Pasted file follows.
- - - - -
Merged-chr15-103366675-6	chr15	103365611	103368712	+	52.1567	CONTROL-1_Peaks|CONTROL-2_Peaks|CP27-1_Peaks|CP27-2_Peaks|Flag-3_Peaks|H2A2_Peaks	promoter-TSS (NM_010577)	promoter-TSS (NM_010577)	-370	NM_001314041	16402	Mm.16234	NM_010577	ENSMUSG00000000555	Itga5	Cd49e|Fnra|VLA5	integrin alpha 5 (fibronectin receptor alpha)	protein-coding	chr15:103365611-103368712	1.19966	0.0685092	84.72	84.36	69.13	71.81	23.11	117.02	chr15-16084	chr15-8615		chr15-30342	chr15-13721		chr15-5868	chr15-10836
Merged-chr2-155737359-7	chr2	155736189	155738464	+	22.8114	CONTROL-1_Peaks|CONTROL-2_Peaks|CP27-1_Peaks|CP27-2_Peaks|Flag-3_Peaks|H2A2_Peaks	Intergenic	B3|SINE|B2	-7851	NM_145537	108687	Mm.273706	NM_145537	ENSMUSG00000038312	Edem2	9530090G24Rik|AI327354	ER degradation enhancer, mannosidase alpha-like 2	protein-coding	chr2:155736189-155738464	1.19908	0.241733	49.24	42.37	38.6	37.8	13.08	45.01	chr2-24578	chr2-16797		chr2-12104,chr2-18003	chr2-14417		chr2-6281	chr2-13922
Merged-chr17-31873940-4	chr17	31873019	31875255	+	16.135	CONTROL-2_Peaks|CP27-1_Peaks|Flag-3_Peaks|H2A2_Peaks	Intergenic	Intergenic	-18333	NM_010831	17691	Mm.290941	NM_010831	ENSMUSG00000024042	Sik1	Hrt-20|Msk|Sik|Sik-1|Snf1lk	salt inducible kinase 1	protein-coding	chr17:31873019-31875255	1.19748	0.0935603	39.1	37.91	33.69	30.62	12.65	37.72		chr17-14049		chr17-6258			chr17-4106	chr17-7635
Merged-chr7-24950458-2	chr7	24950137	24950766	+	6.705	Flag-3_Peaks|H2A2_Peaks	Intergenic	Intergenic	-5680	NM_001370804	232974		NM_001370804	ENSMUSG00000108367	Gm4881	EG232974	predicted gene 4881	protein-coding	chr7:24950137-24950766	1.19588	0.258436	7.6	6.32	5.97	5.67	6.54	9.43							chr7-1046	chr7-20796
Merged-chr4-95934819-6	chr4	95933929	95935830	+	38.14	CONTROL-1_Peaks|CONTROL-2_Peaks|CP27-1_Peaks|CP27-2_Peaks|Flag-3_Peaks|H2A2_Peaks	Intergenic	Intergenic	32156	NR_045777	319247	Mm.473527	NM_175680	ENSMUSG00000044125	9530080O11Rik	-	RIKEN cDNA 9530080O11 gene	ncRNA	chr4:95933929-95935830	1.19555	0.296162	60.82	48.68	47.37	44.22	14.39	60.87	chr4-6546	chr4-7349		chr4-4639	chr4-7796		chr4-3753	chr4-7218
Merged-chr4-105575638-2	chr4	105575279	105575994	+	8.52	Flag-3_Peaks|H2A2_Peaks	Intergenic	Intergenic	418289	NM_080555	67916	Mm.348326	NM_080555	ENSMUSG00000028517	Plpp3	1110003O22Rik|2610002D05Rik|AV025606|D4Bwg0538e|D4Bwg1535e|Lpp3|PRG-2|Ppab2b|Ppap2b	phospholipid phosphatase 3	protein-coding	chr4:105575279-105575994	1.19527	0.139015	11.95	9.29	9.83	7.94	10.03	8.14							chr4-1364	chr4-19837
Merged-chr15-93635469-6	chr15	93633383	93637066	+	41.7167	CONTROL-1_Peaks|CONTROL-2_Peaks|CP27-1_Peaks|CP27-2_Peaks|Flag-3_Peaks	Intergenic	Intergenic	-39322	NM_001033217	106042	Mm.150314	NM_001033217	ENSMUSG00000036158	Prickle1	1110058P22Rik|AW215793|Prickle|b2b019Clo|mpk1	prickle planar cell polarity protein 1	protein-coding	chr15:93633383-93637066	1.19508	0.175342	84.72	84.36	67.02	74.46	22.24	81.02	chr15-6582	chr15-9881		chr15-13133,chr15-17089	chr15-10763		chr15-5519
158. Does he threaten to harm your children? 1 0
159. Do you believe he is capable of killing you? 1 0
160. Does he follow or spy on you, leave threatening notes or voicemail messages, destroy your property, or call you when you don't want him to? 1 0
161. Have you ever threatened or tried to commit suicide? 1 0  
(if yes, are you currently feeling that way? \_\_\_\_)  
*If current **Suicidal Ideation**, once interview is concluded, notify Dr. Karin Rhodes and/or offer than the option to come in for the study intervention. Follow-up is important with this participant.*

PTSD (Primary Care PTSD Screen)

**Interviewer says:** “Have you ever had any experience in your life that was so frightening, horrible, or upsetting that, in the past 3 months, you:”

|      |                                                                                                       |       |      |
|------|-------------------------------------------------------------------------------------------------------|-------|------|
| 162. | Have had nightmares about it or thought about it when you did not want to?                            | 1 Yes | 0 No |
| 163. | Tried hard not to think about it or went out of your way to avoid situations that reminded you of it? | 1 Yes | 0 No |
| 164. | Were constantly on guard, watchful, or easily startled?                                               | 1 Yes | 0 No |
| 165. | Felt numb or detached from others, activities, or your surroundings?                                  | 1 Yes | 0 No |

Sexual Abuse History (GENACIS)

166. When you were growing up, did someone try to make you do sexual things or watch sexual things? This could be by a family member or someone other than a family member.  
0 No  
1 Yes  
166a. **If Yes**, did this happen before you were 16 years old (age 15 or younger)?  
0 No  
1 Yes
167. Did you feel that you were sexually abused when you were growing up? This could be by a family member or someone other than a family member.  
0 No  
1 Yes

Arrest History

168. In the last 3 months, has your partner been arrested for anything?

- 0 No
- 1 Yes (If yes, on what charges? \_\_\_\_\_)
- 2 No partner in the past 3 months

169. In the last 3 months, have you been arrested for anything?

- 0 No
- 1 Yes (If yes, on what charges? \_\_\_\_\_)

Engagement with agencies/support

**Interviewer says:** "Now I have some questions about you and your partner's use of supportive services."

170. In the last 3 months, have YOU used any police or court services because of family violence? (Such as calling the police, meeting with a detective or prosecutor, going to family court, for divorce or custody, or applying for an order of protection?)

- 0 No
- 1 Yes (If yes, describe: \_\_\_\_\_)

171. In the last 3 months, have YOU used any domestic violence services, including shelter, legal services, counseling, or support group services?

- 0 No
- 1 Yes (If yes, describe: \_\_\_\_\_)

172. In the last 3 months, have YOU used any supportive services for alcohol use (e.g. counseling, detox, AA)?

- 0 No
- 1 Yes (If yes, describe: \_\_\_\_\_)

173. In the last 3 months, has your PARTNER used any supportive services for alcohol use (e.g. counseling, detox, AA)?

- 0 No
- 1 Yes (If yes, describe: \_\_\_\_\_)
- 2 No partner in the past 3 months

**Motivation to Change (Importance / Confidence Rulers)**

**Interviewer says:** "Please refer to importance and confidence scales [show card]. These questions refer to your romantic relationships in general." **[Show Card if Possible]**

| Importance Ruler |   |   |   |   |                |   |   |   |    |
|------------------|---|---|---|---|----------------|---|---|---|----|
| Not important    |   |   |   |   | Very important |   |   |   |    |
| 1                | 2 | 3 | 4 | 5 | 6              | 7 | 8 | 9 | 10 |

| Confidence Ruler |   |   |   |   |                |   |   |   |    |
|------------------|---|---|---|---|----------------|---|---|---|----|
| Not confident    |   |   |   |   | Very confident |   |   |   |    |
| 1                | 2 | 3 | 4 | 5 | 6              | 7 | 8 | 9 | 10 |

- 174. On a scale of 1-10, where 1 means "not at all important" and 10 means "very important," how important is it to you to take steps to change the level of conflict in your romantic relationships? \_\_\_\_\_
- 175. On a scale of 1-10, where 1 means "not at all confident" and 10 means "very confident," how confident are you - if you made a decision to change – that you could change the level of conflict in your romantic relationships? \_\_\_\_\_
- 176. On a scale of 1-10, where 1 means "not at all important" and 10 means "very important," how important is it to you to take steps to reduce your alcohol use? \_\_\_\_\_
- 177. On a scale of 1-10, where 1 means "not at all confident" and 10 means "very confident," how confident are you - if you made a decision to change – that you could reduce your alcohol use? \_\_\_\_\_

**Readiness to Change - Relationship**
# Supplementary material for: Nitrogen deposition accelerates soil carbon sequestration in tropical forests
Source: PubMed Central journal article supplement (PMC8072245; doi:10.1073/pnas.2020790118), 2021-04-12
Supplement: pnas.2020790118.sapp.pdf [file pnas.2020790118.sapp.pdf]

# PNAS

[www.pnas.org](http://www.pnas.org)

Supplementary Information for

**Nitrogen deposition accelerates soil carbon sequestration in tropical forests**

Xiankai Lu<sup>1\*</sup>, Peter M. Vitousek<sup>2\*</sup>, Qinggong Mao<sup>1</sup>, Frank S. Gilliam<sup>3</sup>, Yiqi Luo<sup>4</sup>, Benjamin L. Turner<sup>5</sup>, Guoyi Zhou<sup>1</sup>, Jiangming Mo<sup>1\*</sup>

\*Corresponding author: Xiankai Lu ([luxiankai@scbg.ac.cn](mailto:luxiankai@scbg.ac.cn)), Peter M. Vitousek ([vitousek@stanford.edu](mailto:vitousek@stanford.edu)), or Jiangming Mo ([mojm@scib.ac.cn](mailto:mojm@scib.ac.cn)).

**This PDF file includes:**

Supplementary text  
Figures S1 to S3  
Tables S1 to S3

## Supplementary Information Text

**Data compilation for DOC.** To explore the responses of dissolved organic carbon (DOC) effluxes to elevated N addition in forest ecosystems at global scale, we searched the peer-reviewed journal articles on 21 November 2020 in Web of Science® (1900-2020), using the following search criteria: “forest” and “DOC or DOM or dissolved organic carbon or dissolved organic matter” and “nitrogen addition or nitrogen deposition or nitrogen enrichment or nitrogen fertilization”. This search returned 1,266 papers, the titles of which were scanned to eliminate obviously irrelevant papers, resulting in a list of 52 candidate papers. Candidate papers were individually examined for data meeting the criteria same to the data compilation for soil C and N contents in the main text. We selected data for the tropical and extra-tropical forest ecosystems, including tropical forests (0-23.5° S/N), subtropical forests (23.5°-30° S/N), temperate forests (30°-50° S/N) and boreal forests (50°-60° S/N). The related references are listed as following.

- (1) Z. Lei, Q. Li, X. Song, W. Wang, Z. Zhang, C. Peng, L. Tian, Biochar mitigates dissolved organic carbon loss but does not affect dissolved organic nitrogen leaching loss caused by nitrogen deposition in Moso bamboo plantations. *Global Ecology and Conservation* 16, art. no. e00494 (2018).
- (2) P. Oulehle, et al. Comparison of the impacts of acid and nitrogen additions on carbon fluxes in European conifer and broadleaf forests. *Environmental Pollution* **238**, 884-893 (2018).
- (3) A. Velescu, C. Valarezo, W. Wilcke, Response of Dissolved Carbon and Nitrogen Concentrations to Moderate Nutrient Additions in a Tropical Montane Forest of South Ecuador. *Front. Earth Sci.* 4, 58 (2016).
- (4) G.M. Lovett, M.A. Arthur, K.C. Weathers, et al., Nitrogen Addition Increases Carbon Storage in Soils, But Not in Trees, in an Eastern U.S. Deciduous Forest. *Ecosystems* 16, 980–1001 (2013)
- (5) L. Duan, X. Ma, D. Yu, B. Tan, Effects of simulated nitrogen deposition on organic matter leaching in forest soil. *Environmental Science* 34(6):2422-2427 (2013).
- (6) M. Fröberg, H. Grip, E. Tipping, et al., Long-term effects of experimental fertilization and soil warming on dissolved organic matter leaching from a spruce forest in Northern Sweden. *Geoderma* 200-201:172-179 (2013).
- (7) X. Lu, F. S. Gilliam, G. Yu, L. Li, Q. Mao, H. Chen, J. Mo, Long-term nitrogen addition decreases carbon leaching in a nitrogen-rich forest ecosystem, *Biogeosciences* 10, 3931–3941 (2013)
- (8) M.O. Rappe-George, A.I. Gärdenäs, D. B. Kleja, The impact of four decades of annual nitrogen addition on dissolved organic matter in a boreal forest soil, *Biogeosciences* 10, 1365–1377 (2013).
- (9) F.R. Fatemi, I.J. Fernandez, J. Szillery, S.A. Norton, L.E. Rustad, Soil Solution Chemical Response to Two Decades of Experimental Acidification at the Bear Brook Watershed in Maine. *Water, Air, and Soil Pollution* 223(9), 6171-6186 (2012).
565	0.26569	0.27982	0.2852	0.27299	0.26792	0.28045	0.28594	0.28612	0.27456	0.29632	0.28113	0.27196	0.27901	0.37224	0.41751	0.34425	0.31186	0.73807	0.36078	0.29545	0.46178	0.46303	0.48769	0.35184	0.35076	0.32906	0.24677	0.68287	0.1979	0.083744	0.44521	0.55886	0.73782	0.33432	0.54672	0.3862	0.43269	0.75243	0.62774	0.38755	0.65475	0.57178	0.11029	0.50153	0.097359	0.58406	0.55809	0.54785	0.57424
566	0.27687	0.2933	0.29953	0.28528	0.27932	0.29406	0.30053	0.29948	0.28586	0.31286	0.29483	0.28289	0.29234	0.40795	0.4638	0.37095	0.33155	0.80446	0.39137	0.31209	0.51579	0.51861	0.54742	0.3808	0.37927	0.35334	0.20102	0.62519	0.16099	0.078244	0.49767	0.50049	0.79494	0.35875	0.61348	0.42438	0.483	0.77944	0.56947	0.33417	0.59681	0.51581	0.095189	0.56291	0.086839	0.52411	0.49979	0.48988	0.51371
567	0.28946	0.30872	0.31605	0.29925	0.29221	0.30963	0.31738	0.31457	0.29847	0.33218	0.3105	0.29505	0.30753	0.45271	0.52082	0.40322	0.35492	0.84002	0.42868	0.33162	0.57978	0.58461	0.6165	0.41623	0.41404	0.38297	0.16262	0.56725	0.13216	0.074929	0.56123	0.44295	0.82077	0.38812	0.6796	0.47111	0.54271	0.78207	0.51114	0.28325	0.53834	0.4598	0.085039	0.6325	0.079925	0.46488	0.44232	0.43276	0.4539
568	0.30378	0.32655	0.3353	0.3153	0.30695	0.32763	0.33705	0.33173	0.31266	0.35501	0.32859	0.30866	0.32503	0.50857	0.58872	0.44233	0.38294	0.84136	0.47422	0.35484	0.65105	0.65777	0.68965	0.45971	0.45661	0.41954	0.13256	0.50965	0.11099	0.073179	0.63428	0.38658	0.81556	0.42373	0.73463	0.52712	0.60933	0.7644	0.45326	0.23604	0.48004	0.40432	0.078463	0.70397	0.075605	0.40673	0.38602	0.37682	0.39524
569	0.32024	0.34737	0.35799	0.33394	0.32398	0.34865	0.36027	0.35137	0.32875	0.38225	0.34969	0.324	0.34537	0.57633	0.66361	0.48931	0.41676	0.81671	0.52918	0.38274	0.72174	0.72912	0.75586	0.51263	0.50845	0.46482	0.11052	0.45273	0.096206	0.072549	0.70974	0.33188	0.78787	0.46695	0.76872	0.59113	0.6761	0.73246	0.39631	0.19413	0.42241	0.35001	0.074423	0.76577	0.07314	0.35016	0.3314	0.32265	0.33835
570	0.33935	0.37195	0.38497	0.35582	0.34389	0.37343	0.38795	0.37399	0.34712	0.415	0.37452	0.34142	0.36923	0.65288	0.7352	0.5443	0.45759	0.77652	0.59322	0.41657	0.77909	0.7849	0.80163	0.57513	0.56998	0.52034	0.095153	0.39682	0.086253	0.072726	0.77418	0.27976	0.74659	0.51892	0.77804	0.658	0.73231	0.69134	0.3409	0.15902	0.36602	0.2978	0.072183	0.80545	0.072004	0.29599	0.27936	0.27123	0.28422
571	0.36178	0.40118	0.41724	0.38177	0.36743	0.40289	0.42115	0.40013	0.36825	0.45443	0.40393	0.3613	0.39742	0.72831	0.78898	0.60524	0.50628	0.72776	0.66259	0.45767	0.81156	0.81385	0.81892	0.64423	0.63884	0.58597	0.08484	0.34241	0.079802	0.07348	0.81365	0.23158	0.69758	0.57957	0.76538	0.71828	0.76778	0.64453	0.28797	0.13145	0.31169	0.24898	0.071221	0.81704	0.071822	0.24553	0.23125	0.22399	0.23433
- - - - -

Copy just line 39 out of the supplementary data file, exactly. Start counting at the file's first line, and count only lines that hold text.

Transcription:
- 1 Yes (If yes, on what charges? \_\_\_\_\_)